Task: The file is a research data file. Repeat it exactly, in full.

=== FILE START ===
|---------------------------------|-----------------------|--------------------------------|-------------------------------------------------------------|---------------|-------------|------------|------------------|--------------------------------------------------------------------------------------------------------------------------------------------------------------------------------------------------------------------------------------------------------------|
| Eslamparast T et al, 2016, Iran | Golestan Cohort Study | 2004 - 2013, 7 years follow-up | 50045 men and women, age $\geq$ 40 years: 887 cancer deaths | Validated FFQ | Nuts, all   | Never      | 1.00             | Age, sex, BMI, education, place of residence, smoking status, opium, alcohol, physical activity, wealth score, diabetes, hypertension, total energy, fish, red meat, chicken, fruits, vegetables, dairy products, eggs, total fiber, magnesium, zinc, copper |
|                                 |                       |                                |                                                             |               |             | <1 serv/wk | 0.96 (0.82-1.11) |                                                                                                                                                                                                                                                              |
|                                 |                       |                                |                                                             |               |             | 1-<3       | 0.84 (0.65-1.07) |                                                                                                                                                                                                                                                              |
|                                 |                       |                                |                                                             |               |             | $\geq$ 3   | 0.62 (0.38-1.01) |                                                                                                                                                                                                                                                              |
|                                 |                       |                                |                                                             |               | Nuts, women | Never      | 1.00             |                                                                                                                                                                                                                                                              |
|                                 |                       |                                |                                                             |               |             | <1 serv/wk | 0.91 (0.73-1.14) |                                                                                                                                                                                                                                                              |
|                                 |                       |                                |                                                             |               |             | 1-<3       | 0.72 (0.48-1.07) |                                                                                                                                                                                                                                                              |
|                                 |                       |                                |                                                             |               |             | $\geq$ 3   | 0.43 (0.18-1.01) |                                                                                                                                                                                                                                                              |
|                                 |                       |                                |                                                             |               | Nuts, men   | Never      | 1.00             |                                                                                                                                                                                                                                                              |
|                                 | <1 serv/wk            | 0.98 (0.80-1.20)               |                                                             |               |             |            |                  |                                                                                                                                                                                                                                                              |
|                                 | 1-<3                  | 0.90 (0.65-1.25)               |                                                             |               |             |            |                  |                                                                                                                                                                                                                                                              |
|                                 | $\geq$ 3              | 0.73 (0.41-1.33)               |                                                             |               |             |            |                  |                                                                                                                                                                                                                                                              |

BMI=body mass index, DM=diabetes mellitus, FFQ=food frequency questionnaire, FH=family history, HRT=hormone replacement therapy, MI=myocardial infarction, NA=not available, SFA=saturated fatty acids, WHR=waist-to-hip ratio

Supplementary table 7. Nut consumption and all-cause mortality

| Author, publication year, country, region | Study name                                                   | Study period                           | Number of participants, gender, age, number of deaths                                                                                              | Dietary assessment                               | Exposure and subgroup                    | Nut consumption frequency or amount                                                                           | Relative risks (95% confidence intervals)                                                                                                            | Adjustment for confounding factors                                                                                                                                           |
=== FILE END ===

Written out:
|---------------------------------|-----------------------|--------------------------------|-------------------------------------------------------------|---------------|-------------|------------|------------------|--------------------------------------------------------------------------------------------------------------------------------------------------------------------------------------------------------------------------------------------------------------|
| Eslamparast T et al, 2016, Iran | Golestan Cohort Study | 2004 - 2013, 7 years follow-up | 50045 men and women, age $\geq$ 40 years: 887 cancer deaths | Validated FFQ | Nuts, all   | Never      | 1.00             | Age, sex, BMI, education, place of residence, smoking status, opium, alcohol, physical activity, wealth score, diabetes, hypertension, total energy, fish, red meat, chicken, fruits, vegetables, dairy products, eggs, total fiber, magnesium, zinc, copper |
|                                 |                       |                                |                                                             |               |             | <1 serv/wk | 0.96 (0.82-1.11) |                                                                                                                                                                                                                                                              |
|                                 |                       |                                |                                                             |               |             | 1-<3       | 0.84 (0.65-1.07) |                                                                                                                                                                                                                                                              |
|                                 |                       |                                |                                                             |               |             | $\geq$ 3   | 0.62 (0.38-1.01) |                                                                                                                                                                                                                                                              |
|                                 |                       |                                |                                                             |               | Nuts, women | Never      | 1.00             |                                                                                                                                                                                                                                                              |
|                                 |                       |                                |                                                             |               |             | <1 serv/wk | 0.91 (0.73-1.14) |                                                                                                                                                                                                                                                              |
|                                 |                       |                                |                                                             |               |             | 1-<3       | 0.72 (0.48-1.07) |                                                                                                                                                                                                                                                              |
|                                 |                       |                                |                                                             |               |             | $\geq$ 3   | 0.43 (0.18-1.01) |                                                                                                                                                                                                                                                              |
|                                 |                       |                                |                                                             |               | Nuts, men   | Never      | 1.00             |                                                                                                                                                                                                                                                              |
|                                 | <1 serv/wk            | 0.98 (0.80-1.20)               |                                                             |               |             |            |                  |                                                                                                                                                                                                                                                              |
|                                 | 1-<3                  | 0.90 (0.65-1.25)               |                                                             |               |             |            |                  |                                                                                                                                                                                                                                                              |
|                                 | $\geq$ 3              | 0.73 (0.41-1.33)               |                                                             |               |             |            |                  |                                                                                                                                                                                                                                                              |

BMI=body mass index, DM=diabetes mellitus, FFQ=food frequency questionnaire, FH=family history, HRT=hormone replacement therapy, MI=myocardial infarction, NA=not available, SFA=saturated fatty acids, WHR=waist-to-hip ratio

Supplementary table 7. Nut consumption and all-cause mortality

| Author, publication year, country, region | Study name                                                   | Study period                           | Number of participants, gender, age, number of deaths                                                                                              | Dietary assessment                               | Exposure and subgroup                    | Nut consumption frequency or amount                                                                           | Relative risks (95% confidence intervals)                                                                                                            | Adjustment for confounding factors                                                                                                                                           |